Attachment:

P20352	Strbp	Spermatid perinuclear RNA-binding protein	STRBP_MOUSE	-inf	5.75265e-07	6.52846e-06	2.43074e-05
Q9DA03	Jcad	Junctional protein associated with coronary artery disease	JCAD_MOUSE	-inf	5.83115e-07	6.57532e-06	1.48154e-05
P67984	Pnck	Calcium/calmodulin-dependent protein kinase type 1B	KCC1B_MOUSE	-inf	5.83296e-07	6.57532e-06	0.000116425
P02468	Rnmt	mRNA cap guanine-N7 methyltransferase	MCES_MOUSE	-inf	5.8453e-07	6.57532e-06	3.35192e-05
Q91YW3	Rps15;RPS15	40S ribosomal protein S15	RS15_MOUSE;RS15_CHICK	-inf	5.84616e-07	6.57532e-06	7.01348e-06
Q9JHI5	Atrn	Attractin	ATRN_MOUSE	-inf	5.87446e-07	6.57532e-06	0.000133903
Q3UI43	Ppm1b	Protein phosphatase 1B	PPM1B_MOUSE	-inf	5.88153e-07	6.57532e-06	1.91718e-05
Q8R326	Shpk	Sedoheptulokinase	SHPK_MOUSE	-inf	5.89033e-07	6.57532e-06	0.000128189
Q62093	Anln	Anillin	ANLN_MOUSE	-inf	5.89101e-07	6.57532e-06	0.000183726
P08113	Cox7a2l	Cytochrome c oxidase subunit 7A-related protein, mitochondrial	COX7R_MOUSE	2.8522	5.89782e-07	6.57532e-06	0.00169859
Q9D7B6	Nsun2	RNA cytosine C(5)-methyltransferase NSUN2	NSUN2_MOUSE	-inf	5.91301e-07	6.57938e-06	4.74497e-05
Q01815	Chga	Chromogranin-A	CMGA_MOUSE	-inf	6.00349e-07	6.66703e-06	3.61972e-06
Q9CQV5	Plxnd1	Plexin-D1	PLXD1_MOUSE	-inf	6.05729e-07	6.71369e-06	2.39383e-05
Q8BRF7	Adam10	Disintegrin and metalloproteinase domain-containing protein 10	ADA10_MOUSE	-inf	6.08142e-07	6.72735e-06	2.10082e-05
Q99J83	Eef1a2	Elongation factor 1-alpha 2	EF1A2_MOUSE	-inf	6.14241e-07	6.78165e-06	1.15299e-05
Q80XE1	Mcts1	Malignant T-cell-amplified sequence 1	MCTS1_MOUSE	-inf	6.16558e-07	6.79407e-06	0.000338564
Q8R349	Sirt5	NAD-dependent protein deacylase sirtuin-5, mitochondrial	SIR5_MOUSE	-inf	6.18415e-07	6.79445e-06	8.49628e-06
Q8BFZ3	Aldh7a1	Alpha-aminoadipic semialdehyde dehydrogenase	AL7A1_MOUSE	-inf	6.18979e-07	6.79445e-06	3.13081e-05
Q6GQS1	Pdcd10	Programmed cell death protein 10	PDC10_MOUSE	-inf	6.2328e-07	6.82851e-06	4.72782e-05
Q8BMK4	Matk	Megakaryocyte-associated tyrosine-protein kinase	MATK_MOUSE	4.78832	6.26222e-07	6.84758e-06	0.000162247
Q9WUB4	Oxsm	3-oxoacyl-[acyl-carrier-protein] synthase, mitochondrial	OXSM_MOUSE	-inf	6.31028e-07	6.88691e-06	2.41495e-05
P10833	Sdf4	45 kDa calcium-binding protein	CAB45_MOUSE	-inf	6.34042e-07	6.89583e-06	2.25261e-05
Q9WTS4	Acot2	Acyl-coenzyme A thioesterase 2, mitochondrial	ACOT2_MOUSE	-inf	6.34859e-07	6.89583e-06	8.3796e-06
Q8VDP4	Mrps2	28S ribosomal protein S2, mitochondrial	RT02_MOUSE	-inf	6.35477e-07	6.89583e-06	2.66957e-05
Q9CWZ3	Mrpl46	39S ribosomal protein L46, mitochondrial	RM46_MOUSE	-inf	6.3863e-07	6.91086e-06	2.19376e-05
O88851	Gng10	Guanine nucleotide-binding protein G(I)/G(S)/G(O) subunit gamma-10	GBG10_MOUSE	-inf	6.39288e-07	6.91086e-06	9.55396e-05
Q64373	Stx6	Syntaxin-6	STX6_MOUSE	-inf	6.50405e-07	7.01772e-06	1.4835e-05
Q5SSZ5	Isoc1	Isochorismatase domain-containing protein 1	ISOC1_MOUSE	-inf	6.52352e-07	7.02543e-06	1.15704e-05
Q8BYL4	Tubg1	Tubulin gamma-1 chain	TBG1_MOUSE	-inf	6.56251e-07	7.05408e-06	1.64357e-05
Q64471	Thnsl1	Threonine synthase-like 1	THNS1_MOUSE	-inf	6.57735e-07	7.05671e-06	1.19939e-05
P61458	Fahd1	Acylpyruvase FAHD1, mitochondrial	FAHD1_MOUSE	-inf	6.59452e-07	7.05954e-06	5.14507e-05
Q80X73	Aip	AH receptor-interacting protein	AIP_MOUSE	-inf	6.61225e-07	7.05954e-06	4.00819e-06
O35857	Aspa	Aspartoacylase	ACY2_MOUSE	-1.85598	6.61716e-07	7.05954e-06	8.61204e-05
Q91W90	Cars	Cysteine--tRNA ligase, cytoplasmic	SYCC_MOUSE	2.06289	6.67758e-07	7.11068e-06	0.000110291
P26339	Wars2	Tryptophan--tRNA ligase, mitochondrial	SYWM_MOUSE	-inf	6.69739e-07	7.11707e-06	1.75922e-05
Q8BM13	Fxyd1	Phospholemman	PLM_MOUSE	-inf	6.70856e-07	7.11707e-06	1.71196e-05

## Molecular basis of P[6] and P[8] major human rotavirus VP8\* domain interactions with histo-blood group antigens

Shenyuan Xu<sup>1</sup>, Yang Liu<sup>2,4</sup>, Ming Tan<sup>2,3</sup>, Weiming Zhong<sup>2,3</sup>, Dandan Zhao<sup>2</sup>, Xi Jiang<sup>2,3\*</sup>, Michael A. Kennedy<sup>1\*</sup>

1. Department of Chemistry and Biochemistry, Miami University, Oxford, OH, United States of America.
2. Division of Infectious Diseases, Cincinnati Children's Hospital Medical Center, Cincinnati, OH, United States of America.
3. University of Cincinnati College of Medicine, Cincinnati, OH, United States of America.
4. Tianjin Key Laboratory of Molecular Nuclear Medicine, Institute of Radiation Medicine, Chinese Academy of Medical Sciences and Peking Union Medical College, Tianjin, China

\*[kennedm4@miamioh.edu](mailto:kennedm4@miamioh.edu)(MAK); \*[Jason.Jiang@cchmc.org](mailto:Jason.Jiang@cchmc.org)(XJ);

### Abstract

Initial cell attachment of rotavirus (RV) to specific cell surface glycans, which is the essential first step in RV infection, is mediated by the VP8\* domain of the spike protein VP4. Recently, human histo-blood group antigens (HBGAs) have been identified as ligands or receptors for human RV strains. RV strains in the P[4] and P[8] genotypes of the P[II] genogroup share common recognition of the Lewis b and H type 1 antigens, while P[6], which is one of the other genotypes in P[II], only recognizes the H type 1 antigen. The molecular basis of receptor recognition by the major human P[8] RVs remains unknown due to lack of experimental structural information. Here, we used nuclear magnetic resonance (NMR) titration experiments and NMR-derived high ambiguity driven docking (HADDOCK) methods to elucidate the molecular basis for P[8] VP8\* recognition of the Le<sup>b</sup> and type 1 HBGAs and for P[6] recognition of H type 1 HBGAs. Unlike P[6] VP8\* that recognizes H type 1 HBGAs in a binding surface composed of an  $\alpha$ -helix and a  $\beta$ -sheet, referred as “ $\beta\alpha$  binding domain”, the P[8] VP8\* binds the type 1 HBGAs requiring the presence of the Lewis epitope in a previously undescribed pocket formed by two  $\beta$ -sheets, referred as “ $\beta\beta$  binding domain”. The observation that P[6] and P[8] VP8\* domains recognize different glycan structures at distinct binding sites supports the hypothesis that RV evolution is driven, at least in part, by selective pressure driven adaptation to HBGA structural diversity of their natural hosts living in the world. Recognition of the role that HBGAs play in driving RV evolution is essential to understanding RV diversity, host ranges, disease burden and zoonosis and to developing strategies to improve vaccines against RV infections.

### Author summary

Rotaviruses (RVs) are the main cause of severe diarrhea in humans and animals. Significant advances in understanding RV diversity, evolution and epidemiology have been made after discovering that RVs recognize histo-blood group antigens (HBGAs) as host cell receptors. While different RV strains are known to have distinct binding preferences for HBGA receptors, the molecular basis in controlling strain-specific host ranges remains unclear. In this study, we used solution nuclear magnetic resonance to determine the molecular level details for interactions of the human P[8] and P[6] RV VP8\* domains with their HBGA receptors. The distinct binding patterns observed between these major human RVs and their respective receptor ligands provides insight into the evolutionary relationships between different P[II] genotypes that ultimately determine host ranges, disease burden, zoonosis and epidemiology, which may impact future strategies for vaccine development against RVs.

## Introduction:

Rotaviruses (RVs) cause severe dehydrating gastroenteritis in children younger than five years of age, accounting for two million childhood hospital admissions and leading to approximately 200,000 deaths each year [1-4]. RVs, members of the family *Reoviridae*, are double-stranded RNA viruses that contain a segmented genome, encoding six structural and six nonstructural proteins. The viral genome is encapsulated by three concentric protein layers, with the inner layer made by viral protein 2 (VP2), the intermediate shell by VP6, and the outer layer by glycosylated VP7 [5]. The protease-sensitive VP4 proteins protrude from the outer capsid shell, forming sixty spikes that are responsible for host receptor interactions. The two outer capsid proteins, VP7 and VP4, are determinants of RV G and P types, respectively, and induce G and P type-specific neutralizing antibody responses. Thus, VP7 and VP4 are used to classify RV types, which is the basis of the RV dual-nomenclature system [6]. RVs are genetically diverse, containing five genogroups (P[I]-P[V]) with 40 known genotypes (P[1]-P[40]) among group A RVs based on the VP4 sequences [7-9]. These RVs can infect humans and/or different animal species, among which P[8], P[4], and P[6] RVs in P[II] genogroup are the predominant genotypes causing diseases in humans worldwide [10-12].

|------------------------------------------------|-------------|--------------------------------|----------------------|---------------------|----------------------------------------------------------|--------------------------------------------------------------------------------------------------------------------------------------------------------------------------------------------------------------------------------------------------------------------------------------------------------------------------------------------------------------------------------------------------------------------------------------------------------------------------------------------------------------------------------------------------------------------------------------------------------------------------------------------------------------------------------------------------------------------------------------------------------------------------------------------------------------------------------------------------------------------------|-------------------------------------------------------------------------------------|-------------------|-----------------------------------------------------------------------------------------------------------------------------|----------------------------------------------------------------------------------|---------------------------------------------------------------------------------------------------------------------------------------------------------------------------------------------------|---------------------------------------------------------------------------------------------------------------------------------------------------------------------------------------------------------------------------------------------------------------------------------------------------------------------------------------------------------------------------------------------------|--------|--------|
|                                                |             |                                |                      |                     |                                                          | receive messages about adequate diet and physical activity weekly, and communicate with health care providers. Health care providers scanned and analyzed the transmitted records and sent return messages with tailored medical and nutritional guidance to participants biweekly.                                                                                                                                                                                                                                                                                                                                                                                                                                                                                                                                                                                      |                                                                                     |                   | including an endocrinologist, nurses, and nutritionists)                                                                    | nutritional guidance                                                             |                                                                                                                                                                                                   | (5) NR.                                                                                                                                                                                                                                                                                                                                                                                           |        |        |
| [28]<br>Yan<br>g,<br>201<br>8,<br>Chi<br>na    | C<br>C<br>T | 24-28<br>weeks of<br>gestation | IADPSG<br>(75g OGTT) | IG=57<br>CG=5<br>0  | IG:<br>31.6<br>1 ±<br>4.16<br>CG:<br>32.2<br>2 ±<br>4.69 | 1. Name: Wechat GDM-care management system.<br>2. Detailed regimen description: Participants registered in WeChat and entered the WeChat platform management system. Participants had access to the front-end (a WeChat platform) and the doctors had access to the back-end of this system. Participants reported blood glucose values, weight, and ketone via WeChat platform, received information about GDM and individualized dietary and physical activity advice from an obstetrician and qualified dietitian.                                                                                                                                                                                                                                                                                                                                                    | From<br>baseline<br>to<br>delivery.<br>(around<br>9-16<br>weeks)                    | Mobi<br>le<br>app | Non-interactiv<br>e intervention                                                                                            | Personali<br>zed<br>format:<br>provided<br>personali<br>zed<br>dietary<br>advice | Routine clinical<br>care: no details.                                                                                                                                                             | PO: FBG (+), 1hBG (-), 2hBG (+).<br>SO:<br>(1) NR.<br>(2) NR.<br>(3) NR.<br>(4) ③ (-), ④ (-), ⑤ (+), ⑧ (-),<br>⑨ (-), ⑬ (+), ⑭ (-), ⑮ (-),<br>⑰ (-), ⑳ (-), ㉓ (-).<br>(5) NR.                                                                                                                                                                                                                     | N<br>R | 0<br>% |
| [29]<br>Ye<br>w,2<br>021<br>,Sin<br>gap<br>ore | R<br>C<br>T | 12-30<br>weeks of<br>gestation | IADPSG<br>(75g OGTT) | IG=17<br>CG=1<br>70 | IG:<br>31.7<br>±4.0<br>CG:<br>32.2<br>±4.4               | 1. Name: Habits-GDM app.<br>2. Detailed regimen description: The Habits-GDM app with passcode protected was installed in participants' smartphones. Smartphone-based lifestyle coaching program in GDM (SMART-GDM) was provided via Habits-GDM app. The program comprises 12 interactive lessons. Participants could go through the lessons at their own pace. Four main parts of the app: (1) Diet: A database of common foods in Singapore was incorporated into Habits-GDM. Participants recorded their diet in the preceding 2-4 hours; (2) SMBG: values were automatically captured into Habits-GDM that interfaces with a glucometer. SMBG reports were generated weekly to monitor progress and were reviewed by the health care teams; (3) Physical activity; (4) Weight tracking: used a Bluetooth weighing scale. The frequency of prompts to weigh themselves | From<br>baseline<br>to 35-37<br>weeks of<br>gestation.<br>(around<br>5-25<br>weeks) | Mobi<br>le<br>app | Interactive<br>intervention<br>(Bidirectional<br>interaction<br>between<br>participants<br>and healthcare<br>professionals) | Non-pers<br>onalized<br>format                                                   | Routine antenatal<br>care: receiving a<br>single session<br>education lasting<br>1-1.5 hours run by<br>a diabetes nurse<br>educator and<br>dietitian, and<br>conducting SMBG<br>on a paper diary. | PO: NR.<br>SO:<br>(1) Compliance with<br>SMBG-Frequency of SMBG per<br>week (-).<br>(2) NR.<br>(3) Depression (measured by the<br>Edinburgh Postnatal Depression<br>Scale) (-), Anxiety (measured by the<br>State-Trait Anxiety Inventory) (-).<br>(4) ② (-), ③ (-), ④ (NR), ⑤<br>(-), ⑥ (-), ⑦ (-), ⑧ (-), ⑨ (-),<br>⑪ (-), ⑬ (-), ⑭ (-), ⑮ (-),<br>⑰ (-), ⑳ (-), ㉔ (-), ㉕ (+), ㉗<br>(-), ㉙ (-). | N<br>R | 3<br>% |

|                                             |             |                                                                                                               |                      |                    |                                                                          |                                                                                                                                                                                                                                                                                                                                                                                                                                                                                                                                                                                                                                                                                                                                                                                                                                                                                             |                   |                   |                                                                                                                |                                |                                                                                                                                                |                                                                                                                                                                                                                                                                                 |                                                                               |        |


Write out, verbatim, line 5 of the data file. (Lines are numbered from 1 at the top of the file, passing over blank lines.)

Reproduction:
Q91YW3	Rps15;RPS15	40S ribosomal protein S15	RS15_MOUSE;RS15_CHICK	-inf	5.84616e-07	6.57532e-06	7.01348e-06